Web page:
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Voter Turnout, Voting Difficulties,
And Disability In The 2000 Elections:

Laying A Challenge At Democracy's Door

Lisa Schur, Ph.D. and Douglas Kruse, Ph.D.
Rutgers University

Kay Schriner, Ph.D. and Todd Shields, Ph.D.
University of Arkansas

American democracy rests on the participation of the citizenry in the selection of elected officials. By choosing their representatives, citizens express their views about what matters to them and what should be done about it.

READ GAO reportpdf download.

Not every American citizen has an equal opportunity to cast a ballot, however. Many thousands of voters and potential voters are disenfranchised by barriers to electoral participation.

These barriers are a threat to the potential of our democracy to realize its promise of equality and justice for all. When some voters cannot participate in an equal footing, all Americans lose. When some citizens are left out, democracy suffers.

For many disabled citizens, elections represent another example of society's inaccessibility. This report is intended to clarify the experiences of people with disabilities in American electoral politics.

To investigate the relationship between voter turnout, voting difficulties, and disability, a national random-household telephone survey of 1,002 American citizens of voting age was conducted through the Rutgers Center for Public Interest Polling following the November, 2000 elections. A broad definition of disability was used, based on questions from the 2000 Census. For more meaningful comparisons the sample was stratified so that interviews were conducted with 432 people with disabilities and 570 people without disabilities. Survey respondents were asked standard questions about voting, voter registration, and factors that could help explain turnout and registration. They were also asked questions concerning actual or expected difficulties in voting at a polling place, and views of several voting methods often used by people with disabilities.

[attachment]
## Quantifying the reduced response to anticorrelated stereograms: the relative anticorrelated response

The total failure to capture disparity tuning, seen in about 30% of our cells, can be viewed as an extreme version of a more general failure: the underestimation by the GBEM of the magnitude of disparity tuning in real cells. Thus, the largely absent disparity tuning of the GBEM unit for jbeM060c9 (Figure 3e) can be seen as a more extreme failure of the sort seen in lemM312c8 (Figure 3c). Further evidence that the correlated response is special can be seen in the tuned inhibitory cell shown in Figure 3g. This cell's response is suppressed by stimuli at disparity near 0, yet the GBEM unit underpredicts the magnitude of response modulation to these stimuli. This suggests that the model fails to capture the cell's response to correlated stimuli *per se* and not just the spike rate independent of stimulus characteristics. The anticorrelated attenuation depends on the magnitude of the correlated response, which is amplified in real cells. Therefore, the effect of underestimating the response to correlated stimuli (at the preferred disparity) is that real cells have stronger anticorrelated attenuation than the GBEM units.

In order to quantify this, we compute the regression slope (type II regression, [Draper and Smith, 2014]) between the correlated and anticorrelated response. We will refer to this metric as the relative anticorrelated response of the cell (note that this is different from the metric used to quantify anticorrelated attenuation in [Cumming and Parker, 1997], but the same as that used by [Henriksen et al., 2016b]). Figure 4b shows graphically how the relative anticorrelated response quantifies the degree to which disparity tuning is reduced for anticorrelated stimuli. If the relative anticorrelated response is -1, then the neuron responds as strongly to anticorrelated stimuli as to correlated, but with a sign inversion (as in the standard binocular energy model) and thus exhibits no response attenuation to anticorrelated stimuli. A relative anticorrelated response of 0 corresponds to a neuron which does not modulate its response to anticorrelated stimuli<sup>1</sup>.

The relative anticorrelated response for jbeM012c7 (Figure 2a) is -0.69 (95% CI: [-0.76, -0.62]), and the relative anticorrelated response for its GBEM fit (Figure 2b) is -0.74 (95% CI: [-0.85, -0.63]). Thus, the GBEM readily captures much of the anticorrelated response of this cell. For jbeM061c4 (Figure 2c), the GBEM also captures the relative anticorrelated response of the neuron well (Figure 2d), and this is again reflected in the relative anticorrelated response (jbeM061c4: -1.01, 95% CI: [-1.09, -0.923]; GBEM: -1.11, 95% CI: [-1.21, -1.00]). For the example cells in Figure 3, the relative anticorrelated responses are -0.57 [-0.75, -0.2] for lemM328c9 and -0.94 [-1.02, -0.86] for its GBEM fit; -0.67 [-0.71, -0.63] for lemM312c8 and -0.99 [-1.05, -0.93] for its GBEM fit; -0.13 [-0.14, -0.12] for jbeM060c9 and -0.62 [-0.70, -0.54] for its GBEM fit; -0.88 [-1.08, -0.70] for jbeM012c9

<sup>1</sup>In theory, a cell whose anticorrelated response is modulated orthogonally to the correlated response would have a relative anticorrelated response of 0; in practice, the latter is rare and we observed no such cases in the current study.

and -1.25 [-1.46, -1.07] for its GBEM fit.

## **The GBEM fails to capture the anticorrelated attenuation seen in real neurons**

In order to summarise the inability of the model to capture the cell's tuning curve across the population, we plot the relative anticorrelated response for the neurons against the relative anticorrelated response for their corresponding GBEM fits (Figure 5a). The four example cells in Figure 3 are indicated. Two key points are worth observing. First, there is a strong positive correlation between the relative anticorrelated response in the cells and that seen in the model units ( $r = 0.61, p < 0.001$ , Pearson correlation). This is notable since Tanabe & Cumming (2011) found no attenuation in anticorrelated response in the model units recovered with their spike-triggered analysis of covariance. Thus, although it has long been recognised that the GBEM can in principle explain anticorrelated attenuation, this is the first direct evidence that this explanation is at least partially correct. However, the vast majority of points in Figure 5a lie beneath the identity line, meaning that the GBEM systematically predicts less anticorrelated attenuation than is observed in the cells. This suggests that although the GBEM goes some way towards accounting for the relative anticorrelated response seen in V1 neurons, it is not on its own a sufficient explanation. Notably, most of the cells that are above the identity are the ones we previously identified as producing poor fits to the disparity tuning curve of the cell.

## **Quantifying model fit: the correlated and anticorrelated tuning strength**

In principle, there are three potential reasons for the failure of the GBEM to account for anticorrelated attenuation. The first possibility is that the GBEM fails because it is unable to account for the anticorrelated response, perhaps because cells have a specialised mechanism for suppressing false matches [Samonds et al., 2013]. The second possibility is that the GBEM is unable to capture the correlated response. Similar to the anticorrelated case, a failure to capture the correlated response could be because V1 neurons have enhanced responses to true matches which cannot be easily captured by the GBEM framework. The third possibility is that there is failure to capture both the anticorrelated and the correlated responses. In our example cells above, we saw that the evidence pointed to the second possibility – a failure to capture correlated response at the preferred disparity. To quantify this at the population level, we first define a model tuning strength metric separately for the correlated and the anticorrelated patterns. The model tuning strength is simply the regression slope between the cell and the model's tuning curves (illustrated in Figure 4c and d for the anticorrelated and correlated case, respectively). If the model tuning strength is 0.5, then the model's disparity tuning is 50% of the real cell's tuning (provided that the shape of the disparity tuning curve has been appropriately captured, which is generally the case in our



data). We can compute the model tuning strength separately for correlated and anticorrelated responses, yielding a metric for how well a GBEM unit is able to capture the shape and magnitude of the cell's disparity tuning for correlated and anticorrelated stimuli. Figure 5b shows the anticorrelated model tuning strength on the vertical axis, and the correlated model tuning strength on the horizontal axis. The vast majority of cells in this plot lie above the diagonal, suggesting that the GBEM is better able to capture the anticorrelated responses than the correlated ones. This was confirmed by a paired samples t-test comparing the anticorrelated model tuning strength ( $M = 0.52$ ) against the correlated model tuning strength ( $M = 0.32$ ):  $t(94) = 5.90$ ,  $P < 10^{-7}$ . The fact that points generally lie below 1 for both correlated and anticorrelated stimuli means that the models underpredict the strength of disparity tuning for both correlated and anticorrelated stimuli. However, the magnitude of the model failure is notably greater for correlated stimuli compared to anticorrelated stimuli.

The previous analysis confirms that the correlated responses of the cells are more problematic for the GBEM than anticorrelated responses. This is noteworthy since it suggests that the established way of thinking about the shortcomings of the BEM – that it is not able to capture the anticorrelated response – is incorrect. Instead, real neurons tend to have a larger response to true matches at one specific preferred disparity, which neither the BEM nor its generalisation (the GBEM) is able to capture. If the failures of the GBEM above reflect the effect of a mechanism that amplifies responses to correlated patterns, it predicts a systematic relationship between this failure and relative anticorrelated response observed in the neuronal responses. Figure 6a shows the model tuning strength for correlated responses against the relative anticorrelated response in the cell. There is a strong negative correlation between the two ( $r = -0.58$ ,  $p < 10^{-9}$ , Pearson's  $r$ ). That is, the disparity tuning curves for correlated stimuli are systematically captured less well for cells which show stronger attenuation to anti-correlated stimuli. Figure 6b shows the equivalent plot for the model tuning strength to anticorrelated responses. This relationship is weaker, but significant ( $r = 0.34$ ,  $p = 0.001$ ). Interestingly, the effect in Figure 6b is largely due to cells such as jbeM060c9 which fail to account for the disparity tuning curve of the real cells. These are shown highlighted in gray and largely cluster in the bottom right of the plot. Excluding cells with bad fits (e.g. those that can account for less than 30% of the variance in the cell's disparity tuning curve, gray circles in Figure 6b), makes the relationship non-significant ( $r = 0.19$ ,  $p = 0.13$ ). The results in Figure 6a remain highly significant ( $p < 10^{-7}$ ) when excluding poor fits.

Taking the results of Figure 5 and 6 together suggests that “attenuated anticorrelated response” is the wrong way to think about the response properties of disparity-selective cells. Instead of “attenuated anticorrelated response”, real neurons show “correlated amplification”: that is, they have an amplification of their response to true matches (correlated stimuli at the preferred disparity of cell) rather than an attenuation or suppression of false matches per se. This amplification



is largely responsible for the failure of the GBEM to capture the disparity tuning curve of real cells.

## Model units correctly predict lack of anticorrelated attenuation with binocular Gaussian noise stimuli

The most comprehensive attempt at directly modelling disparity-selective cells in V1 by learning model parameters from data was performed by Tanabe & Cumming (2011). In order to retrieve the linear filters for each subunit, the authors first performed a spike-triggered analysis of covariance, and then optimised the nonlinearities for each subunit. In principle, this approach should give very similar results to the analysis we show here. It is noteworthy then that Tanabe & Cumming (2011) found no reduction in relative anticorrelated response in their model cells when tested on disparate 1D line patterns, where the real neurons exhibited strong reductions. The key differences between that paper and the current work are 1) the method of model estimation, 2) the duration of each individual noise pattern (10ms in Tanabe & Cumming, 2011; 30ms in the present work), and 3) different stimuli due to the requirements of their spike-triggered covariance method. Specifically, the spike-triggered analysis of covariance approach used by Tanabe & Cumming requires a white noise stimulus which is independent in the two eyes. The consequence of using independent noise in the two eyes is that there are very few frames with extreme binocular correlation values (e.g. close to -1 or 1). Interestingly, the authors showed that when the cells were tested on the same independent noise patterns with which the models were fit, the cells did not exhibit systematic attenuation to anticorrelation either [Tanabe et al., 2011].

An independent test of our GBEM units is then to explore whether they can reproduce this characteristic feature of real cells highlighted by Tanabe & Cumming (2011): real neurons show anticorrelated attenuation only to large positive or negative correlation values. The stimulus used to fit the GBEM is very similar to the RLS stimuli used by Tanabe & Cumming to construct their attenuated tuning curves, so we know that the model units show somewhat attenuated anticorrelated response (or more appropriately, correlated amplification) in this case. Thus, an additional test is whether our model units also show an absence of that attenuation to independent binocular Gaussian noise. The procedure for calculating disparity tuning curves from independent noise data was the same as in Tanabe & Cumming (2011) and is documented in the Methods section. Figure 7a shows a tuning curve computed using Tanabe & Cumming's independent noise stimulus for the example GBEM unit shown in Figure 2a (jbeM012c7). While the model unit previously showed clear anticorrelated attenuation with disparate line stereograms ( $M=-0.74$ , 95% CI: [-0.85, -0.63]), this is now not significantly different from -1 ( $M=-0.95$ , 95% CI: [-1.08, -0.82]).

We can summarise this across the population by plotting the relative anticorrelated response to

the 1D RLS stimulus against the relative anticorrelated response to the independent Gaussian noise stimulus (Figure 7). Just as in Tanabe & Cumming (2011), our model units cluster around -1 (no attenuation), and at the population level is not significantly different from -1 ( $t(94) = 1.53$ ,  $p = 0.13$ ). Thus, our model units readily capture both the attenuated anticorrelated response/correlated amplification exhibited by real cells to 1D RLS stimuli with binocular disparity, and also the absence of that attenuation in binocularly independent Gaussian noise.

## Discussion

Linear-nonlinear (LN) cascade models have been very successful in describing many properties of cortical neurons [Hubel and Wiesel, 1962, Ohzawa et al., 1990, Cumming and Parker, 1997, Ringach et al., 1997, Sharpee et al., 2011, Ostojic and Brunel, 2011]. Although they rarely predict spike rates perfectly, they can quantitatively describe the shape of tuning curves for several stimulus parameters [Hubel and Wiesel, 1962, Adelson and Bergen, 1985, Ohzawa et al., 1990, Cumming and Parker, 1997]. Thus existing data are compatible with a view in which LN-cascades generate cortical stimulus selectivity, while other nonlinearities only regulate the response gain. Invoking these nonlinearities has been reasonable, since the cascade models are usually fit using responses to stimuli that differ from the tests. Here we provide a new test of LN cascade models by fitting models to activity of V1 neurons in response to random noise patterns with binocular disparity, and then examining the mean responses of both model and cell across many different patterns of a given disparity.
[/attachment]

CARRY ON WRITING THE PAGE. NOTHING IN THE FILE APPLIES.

The General Accounting Office released a report on November 14, 2001 finding that only 16% of polling places in 2000 had no potential impediments to access by people with disabilities. This fact sheet complements the GAO study by providing individual-level information on the voting experiences of people with disabilities, with comparisons of voter turnout, voting difficulties, and views of curbside voting between people with and without disabilities.

Voter Turnout

People with disabilities were on average about 12 percentage points less likely than those without disabilities to vote, after adjusting for differences in demographic characteristics (age, sex, race, education, and marital status). This was an improvement over the 1998 elections, in which people with disabilities were about 20 percentage points less likely than people without disabilities to vote (based on a similar survey following the 1998 elections).

If people with disabilities voted at the same rate as those without disabilities, there would have been 3.2 million additional voters in 2000, raising the overall turnout rate by 1.7 percentage points.

Absentee Voting and Voting Difficulties Views About Curbside Voting
People with disabilities were almost twice as likely as other citizens to vote by absentee ballot. Among those who voted, 20% used an absentee ballot, compared to 11% of people without disabilities.
Citizens with disabilities are more likely than those without disabilities to have encountered, or expect, difficulties in voting at a polling place:
 Citizens with disabilitiesCitizens without disabilities
Encountered difficulties, if last voted at polling place since 1990 5.8%2.0%
Would expect difficulties, if haven't voted at polling place since 199032.6%2.9%
Reported problems with voting among people with disabilities are split among getting to the polling place, being able to vote once at the polling place, and general mobility
 Problems encountered if voted in last 10 yearsProblems expected if haven't voted in last 10 years
Any difficulty in voting at polling place5.8%32.6%
Getting to polling place 1.3%5.7%